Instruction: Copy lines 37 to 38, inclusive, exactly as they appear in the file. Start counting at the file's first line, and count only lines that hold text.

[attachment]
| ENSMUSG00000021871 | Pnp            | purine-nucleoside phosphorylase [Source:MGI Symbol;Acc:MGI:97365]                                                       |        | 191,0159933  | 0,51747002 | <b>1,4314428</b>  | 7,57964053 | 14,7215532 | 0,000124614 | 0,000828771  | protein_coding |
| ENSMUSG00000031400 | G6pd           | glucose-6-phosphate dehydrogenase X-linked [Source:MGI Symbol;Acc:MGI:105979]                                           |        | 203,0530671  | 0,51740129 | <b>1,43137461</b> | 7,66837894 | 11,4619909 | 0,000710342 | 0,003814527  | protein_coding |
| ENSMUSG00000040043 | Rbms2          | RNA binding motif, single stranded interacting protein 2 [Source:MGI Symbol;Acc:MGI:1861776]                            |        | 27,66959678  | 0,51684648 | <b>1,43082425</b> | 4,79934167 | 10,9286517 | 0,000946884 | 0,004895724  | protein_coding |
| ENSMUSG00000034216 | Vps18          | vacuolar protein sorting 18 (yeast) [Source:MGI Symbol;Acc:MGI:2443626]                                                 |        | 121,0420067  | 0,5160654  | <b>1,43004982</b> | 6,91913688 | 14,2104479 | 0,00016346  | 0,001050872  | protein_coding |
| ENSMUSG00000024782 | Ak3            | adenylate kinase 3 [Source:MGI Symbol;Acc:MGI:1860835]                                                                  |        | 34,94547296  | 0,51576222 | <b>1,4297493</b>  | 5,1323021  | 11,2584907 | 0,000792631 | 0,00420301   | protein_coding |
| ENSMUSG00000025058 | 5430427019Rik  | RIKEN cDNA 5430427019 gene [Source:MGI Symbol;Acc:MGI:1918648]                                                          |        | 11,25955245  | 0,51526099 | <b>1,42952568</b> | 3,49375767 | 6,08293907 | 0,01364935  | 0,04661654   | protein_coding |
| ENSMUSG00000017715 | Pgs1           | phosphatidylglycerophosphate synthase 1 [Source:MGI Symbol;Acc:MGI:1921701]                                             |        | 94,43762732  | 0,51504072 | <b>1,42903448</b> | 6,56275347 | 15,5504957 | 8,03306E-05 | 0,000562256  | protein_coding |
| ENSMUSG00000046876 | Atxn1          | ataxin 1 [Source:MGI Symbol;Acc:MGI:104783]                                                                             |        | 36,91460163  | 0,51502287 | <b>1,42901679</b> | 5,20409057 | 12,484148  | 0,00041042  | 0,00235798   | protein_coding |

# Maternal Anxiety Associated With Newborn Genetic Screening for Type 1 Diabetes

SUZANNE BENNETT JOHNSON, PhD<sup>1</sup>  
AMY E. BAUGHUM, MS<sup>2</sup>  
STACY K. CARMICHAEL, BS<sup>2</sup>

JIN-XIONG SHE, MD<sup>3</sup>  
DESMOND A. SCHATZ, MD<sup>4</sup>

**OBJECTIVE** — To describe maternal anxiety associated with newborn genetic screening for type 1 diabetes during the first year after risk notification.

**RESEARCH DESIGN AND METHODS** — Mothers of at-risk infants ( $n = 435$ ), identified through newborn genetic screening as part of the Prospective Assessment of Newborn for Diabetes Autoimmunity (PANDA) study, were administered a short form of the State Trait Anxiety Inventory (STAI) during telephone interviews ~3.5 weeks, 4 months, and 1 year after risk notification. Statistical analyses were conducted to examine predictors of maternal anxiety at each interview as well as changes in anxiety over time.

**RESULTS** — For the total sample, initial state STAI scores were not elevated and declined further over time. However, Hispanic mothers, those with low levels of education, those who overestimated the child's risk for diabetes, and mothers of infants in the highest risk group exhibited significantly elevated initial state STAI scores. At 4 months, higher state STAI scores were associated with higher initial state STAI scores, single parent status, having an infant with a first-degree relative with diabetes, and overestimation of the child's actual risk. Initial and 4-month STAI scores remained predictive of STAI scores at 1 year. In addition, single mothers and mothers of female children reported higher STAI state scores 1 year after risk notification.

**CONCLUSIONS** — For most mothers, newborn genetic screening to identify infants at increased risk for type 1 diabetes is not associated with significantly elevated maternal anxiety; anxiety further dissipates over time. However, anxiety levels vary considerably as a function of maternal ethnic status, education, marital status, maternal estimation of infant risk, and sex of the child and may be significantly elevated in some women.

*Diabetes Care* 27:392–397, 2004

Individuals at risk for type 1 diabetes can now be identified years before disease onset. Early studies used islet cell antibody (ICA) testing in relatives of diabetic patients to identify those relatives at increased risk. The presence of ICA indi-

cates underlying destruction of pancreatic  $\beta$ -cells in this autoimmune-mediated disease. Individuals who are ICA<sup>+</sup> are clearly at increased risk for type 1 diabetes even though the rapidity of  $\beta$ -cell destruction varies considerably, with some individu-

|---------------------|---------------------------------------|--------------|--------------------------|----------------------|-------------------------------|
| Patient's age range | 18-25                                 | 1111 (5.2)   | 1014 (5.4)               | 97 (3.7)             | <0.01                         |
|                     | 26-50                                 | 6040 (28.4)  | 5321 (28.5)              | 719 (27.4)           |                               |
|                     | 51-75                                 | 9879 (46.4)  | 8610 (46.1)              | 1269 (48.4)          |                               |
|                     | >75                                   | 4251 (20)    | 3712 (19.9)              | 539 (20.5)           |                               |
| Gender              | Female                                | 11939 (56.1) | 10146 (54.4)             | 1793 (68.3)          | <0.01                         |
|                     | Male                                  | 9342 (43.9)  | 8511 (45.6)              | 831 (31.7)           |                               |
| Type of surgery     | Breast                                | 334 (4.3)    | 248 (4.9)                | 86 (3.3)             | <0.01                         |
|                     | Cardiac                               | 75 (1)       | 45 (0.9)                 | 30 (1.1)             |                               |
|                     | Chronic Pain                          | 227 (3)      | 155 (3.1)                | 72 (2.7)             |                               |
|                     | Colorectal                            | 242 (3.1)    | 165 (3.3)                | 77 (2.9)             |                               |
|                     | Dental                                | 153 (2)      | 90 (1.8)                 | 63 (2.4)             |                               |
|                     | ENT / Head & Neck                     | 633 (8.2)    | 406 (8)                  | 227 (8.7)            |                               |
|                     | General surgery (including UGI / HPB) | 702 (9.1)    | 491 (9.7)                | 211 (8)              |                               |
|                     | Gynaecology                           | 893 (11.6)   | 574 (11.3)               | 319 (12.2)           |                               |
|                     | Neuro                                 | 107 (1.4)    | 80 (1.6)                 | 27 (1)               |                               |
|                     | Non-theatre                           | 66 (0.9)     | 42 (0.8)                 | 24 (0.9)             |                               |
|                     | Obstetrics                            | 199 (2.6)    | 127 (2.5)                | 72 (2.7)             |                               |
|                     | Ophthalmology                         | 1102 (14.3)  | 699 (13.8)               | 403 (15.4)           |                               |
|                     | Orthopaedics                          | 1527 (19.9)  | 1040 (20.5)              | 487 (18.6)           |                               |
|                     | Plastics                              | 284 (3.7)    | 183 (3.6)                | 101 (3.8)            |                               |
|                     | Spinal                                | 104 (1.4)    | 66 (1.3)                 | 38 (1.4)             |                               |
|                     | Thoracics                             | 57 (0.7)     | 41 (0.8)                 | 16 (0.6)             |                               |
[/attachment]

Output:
|                     | Neuro                                 | 107 (1.4)    | 80 (1.6)                 | 27 (1)               |                               |
|                     | Non-theatre                           | 66 (0.9)     | 42 (0.8)                 | 24 (0.9)             |                               |